It was one of those lost days between Christmas and New Year when we should have been travelling home from family in Yorkshire but had been forced, like most of the country, to stay home. The house was awash with decorations, dishes, dust, dog-hair, leftovers, chocolate wrappers, dribbled candles, pine needles, new books, old newspapers, drifts of ribbon, cards and all the other detritus of the washed-up festive season. With no-one allowed to visit and no plan for Hogmanay, comfortable mess was tipping into squalor. The weather forecast had prophesied an overcast day and I was girding my loins for an intrepid expedition to Raid the Cleaning Cupboard, Restore the Lost Hoover and Rescue the Rarely-spotted Toilet Duck from extinction.
By a stroke of exceptional good fortune and – I maintain – divine intervention, I was spared this fate. The sun came out. With it, a winter wonderland of snow, frost and sparkle began to woo me from beyond the grubby windows.
Who was I, dear reader, to ignore such a celestial summons? The scales of domestic duties fell from my eyes and with the evangelical fervour of the new convert, I immediately set out to save another. Marvellously, my friend and neighbour down the street, Shula, proved as easily redeemed as I, and within half an hour we had forsaken our former lives and were rooting around in her garage for the vestments of our new calling. Life vests, neoprene gloves, paddles. We were heading for a boat.
Canoeing is not something I’d ever contemplated in the middle of winter before. A previous four-day expedition down the Spey in early April had been so blighted by cold and rain that we’d turned heel and scurried home to warm fire, food and beds on the first night. (Whatever Damascus Road experiences I may succumb to, they rarely rob me of my creature comforts.) The only reason paddling seemed like a good idea this winter day was because it was brilliantly clear and windless and because we’d never gotten around to bringing our canoe home from the lochside at the end of summer. And because it was something I’d never contemplated before.
Even the walk to the loch was captivating, the trees bowed with snow like a worshipful multitude, the sun shafting through the branches and sparkling off every crystal. On the shore, two fishermen sat perfectly still by their rods under frosted birch trees. There was a soft crackling as the warming sun melted the ice in the branches and it fell on us in bright flakes. The loch was a mirror to the trees on the island opposite, the white hills, the sky.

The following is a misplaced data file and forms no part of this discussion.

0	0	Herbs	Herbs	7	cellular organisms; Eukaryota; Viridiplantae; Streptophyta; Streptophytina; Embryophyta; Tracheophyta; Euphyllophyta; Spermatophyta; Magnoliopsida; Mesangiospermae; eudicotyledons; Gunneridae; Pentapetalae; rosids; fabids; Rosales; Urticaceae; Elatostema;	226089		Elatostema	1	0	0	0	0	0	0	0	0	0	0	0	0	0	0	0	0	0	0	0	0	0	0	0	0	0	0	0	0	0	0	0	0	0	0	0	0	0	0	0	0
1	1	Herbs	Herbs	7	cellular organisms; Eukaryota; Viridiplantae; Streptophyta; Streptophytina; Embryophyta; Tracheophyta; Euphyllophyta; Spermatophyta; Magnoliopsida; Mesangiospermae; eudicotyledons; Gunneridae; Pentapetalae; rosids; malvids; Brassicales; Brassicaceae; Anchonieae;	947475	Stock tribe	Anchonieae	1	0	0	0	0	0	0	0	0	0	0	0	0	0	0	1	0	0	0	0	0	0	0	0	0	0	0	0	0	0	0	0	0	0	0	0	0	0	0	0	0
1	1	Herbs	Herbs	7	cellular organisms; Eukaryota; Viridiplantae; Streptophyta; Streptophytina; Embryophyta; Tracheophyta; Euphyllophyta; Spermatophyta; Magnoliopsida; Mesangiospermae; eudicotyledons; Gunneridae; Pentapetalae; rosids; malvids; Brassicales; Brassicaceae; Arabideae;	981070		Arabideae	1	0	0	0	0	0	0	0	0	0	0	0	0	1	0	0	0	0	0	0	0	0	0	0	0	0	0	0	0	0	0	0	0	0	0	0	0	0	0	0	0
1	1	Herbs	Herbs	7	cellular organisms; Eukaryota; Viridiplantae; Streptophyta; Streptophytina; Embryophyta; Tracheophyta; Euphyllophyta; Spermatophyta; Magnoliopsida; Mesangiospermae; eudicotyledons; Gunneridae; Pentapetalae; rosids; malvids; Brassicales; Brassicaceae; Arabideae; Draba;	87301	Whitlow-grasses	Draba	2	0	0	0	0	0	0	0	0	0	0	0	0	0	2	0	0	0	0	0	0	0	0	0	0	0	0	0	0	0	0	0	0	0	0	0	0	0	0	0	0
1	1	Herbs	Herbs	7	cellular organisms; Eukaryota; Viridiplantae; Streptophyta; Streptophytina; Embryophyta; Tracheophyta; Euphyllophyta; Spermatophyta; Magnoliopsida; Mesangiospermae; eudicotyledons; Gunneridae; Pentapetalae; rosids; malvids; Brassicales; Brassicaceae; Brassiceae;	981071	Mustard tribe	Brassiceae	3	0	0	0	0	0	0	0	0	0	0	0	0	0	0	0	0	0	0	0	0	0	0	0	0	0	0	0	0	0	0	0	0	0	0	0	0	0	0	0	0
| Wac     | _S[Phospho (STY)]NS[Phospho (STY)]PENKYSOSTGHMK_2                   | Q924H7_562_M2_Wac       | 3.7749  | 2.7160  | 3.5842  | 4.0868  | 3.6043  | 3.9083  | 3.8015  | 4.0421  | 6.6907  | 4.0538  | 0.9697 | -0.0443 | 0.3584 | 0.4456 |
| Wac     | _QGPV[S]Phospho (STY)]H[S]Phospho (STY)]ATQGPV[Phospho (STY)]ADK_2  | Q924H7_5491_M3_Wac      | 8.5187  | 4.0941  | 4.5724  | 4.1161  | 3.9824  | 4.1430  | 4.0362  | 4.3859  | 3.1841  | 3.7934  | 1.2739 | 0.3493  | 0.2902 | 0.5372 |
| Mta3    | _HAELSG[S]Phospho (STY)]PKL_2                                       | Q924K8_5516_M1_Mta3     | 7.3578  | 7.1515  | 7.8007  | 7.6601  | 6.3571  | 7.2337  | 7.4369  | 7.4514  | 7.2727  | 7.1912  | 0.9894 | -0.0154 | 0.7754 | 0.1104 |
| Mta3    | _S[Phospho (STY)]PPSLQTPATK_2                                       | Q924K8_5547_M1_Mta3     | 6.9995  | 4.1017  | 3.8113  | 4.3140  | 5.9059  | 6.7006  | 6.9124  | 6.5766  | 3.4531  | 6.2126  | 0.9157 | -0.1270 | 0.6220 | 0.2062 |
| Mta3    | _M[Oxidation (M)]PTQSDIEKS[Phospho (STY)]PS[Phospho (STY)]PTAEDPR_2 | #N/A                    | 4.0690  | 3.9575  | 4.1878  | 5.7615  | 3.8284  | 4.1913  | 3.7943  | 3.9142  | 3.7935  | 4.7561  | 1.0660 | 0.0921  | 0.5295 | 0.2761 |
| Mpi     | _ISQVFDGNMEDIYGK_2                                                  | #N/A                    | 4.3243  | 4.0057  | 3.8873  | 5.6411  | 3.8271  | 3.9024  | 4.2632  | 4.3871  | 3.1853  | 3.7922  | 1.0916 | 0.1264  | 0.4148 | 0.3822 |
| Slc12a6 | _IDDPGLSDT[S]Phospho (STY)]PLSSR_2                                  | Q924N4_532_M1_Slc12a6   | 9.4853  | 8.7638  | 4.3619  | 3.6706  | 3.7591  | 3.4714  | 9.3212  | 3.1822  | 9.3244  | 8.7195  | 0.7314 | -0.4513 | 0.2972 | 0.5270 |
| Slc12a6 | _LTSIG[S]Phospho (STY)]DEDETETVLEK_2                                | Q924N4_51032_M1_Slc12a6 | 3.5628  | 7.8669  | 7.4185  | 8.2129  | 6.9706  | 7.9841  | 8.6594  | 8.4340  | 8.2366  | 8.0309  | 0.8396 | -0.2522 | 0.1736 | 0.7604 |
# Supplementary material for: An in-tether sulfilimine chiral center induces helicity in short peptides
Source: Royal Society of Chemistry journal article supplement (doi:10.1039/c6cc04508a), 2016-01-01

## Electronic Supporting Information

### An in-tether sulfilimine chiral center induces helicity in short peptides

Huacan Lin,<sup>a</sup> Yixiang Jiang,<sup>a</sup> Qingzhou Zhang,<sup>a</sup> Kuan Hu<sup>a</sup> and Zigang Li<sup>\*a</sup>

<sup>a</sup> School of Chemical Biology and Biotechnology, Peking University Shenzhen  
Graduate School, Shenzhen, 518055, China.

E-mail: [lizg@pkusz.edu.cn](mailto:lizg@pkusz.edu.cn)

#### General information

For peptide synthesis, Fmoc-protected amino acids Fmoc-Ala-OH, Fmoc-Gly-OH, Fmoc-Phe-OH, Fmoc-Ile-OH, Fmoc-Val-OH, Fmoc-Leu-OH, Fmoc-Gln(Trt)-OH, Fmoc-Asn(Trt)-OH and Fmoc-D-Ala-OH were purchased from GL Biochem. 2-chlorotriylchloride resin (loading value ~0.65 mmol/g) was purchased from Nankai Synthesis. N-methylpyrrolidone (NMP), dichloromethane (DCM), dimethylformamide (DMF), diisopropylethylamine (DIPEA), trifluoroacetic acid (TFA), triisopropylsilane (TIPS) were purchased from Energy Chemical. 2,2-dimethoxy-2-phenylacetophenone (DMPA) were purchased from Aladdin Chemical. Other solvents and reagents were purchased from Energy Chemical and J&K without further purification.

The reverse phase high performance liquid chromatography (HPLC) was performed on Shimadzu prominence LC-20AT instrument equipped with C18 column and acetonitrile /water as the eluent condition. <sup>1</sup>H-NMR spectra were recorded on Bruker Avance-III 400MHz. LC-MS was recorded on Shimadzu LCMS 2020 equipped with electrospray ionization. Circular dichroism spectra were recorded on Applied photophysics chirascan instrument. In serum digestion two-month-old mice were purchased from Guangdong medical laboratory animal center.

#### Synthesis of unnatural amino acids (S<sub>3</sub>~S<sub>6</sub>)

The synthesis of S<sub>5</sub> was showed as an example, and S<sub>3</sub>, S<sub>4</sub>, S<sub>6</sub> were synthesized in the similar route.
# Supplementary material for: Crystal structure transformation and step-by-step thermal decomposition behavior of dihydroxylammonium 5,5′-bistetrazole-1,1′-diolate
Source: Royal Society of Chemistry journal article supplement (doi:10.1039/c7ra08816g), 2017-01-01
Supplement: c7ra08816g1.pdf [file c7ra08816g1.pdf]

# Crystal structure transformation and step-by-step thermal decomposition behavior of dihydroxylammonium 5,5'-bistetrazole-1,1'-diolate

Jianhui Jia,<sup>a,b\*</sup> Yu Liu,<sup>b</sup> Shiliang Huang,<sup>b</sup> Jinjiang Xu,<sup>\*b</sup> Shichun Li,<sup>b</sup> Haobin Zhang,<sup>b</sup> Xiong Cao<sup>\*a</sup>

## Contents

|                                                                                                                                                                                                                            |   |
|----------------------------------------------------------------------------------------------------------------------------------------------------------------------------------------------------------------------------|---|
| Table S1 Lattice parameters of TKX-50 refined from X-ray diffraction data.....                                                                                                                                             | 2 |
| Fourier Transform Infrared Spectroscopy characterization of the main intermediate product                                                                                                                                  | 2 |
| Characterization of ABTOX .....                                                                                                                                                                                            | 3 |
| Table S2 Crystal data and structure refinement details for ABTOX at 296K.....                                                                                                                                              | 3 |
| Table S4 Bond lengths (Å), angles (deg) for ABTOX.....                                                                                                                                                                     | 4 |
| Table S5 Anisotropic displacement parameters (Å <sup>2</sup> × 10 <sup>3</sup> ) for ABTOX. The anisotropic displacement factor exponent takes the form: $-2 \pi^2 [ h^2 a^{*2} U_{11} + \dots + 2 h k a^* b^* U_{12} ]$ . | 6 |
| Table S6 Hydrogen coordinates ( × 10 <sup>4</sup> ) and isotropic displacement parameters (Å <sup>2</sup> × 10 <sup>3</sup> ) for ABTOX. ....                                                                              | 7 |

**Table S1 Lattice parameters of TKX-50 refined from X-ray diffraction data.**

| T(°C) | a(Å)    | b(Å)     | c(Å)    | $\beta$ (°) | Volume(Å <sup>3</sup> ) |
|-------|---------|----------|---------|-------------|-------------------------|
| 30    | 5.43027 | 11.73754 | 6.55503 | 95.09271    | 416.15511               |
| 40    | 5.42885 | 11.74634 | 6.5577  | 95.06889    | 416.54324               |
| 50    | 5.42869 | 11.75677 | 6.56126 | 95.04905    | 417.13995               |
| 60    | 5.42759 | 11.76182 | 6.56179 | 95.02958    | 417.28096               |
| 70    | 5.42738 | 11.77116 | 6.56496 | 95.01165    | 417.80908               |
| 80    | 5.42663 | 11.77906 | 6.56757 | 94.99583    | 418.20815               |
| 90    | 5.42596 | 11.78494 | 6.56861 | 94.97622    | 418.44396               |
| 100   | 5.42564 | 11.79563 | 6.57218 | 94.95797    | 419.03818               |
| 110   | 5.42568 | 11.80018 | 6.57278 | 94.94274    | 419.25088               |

We pushed out and drifted far down to the southern end. When I say ‘drifted’, I mean mainly me, gasping at the scenery and taking photos, while Shula steered and paddled. Another good reason for waylaying her is because she has canoe qualifications and is eminently sensible. Even under my influence.
In the shallows, fragile panels of ice hung in the rushes inches above the water, showing its height at freezing. Loch Insh is simply a swelling of the River Spey and like the rest of the river in this wide strath, is prone to flooding and dramatic shifts in level. In fact, the Gaelic name for our area is Badenoch, which means ‘the drowned lands’. South of the loch, the Spey snakes in wide loops across the Insh Marshes, an area once drained and tamed for arable farming, but now returning to nature. Rich in birdlife and flora, it is one of the most significant areas of wetland in Europe and managed by the RSPB.
At the far end of the loch, black cormorants dried their ragged feathers on a half-drowned log as goldeneyes beat across the water, their wings whistling. Our boat slipped quietly into the mouth of the river, past the alders and willows as far as a curving sandy beach where the swans nest, before we made the long, lazy (for me) return. The mute swans are always here, their radiance echoing the snowy hills and the old white church above the loch. They share these waters year round with the ducks and gulls, joined in summer by dozens of breeders, like the osprey, and in winter by northern guests, like whooper swans.
Somewhere in the middle of this splendour, Shula multiplied the miracles by pulling out a flask of Rooibos tea and a plastic tub of home-made gingerbread biscuits. I shall have to lead her astray more often. We floated in the centre of that hushed winter arena, the blue tent flung wide above us, white hills circling, the loch a stage set for a pageant in which we played only the tiniest part.
Dragging the boat back up the pebbly shore and crunching home across the snow, I could barely remember my past life as a domestic mortal. And though I would return to the old dispensation, still littered with the artefacts of a normal life, it would not matter anymore. For my home, like my head, would be brimming with visions of a greater world and ringing with its call.
(now the ears of my ears awake and
now the eyes of my eyes are opened)
To join Shula on a canoe expedition with the Alltnacriche outdoor centre (in the summer!) click here.
To read my Christmas Eve piece in the Guardian Country Diary click here.
To listen to my New Year’s Day short story on BBC Radio 4 click here.
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